Gardner Pinnacles

The Gardner Pinnacles (Hawaiian: Pūhāhonu) are two barren rock outcrops surrounded by a reef and located in the Northwestern Hawaiian Islands at 24°59′56″N 167°59′58″W / 24.99889°N 167.99944°W / 24.99889; -167.99944Coordinates: 24°59′56″N 167°59′58″W / 24.99889°N 167.99944°W / 24.99889; -167.99944.

The guano-coated Gardner Pinnacles.
Map showing the location of the Gardner Pinnacles in the Hawaiian island chain
Map of the Gardner Pinnacles

The volcano is 511 nautical miles (946 km; 588 mi) northwest of Honolulu and 108 miles (94 nmi; 174 km) from French Frigate Shoals. The total area of the two small islets—remnants of an ancient volcano that is the world's largest shield volcano—is 5.939 acres (24,030 m2).[1] The highest peak is 170 feet (52 meters). The surrounding reef has an area in excess of 1,904 square kilometres (470,000 acres; 735 sq mi).[2]

The Gardner Pinnacles were discovered and named in 1820 by the whaling ship Maro.[3] The island may be the last remnant of one of the largest volcanoes on Earth.[4]


A drawing of the Gardner Pinnacles in 1909

The Gardner Pinnacles were first discovered on June 2, 1820, by the American whaler Maro, commanded by Captain Joseph Allen.[3]

In 1859, the position of the Gardner Pinnacles was determined by the survey schooner USS Fenimore Cooper.[5]

The Gardner Pinnacles are home to the Giant Opihi (Cellana talcosa), Hawaiian Limpet known as the ‘opihi ko‘ele, which is not found anywhere else in the world outside the Hawaiian Islands.[2] Numerous insects live on the island.[2][6]

In 1903 the Gardner Pinnacles became a part of the Hawaiian Islands Bird Reservation.[5] In 1940 it became a part of the Hawaiian Island's National Wildlife Refuge.[7] In the 21 century it is part of Papahānaumokuākea Marine National Monument wildlife refuge

The Gardner Pinnacles were used as an emergency helicopter landing spot for the Hawaiian HIRAN project, an effort to determine the locations of area islands with great precision for navigational purposes.[8] In the Hawaiian Archipelago, adjacent islands/reefs are French Frigate Shoals to the southeast, and Maro Reef to the northwest.


Gardner Pinnacles

The island is made up of basalt rock, which comes from lava.[5] The rock is dark grey and dense.[5]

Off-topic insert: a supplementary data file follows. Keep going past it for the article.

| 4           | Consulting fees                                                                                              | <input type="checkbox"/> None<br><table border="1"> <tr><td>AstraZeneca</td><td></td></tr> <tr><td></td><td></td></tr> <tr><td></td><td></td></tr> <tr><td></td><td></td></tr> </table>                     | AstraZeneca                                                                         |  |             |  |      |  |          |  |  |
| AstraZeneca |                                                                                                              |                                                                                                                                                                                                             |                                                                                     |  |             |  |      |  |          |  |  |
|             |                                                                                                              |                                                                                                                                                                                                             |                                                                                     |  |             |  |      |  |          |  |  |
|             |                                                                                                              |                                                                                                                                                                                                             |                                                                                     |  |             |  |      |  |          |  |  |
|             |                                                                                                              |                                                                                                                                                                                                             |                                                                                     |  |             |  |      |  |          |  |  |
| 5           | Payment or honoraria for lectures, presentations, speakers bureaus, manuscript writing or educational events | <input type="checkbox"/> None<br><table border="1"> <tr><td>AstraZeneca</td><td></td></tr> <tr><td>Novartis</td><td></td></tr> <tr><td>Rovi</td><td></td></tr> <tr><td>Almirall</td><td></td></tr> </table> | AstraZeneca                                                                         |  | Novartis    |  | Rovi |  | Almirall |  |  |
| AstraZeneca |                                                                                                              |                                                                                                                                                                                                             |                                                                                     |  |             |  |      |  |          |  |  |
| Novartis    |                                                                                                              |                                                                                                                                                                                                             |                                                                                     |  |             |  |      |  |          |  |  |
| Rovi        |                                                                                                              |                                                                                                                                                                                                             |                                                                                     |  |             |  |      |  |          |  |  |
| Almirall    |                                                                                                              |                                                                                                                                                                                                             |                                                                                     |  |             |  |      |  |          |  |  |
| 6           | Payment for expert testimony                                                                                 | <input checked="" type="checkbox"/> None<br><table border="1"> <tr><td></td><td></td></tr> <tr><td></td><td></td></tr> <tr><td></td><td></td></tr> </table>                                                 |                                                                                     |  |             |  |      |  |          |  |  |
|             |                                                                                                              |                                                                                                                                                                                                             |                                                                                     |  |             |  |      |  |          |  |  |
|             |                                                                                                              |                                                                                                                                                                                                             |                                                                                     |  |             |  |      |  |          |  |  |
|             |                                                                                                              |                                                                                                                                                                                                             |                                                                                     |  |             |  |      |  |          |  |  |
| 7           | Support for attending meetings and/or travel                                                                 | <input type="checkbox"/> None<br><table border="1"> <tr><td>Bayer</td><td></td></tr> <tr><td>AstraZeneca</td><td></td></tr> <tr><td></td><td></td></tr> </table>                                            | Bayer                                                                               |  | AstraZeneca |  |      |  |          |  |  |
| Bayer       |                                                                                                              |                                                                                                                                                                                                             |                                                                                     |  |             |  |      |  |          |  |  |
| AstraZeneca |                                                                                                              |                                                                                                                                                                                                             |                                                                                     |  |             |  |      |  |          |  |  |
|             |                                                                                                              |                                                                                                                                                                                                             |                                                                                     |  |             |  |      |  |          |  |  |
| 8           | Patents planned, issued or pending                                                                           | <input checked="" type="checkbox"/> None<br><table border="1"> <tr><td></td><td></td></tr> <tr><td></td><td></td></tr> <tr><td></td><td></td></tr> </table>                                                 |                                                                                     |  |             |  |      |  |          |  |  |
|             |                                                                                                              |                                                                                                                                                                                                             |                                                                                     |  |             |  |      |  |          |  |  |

According to a 2020 report in Earth and Planetary Science Letters, Pūhāhonu contains approximately 150,000 cubic kilometers of rock, based on a 2014 sonar survey. This would make it Earth's largest single volcano. Only about one-third of that volume is exposed above the sea floor while the rest is buried beneath a ring of debris, broken coral, and other material that has eroded from the peak. By comparison, from sea floor to peak, Mauna Loa, on Hawaii's Big Island, is the tallest shield volcano on Earth, but it is nowhere near as massive as Pūhāhonu; a 2013 study estimates Mauna Loa's volume at 83,000 cubic kilometers. Pūhāhonu is so heavy, researchers note, that it has caused Earth's crust nearby—and thus the volcano itself—to sink hundreds of meters over millions of years.

The Puhahonu volcano (Gardner) would be twice as big as Mauna Loa's based on that research.[4]

The Tamu Massif, a 4-kilometer-tall volcanic feature the size of the British Isles on the sea floor east of Japan, contains almost 7 million cubic kilometers of material and was once thought to be the world's largest shield volcano. But Tamu Massif is now believed to have formed along a mid-ocean ridge rather than over a single source of magma. That makes Pūhāhonu the largest known shield volcano on Earth.[9]


The island has one plant known to grow on it, the succulent sea purslane.[10] However, there are over a dozen species of bird observed here, many nesting.[10] There is also a variety of insect species on the island.[10]

In the surrounding waters there is variety of sealife, which is noted as habitat for a limpet, the giant ophi which lives in tidal areas of the rocky island.[10] There are many species of fish and coral life in the nearby waters.[10]

The large numbers of birds have coated many surfaces of the island in guano, giving it a whitish appearance.[5]

Some of the fish species in the nearby waters include red lip parrotfish, doublebar goatfish, and reef triggerfish.[11]


The name Gardner comes from its discovery in 1820, when the Captain Joseph Allen of the ship Maro named it Gardner's Island.[12] They also discovered Maro Reef, which is named for that sailing ship.[13]

It has sometimes been called Gardner Rock or Gardner Island, besides the Gardner Pinnacles.[14]

The Hawaiian name, Pūhāhonu, means 'turtle surfacing for air', from pūhā 'to breathe at the surface' and honu 'turtle'.[15]

See alsoEdit


  1. ^ Giuliani-Hoffman, Francesca. "The largest volcano in the world sits beneath two small rocky peaks in Hawaii". CNN. Retrieved 2020-05-26.
  2. ^ a b c Gardner Pinnacles - Hawaiian Islands National Wildlife Refuge. U.S Fish and Wildlife Service. December 14, 2016
  3. ^ a b Mark J. Rauzon (2001). Isles of Refuge: Wildlife and History of the Northwestern Hawaiian Islands. University of Hawaii Press. pp. 95–. ISBN 978-0-8248-2330-6.
  4. ^ a b [1]
  5. ^ a b c d e [2]
  6. ^ Gardner Pinnacles (Pūhāhonu) Papahānaumokuākea (Northwestern Hawaiian Islands) Marine National Monument
  7. ^ RogerClapp.pdf
  8. ^ King, Warren B. (March 1973). "Conservation Status of Birds of Central Pacific Islands". The Wilson Bulletin. Wilson Ornithological Society. 85 (1): 89–103. JSTOR 4160286.
  9. ^ World’s biggest volcano is barely visible, Science Magazine, May. 12, 2020. doi:10.1126/science.abc7615
  10. ^ a b c d e [3]
  11. ^ [4]
  12. ^ Gardner Pinnacles (Pūhāhonu)
  13. ^ [5]
  14. ^ [6]
  15. ^ Ulukau Hawaiian Electronic Dictionary

External linksEdit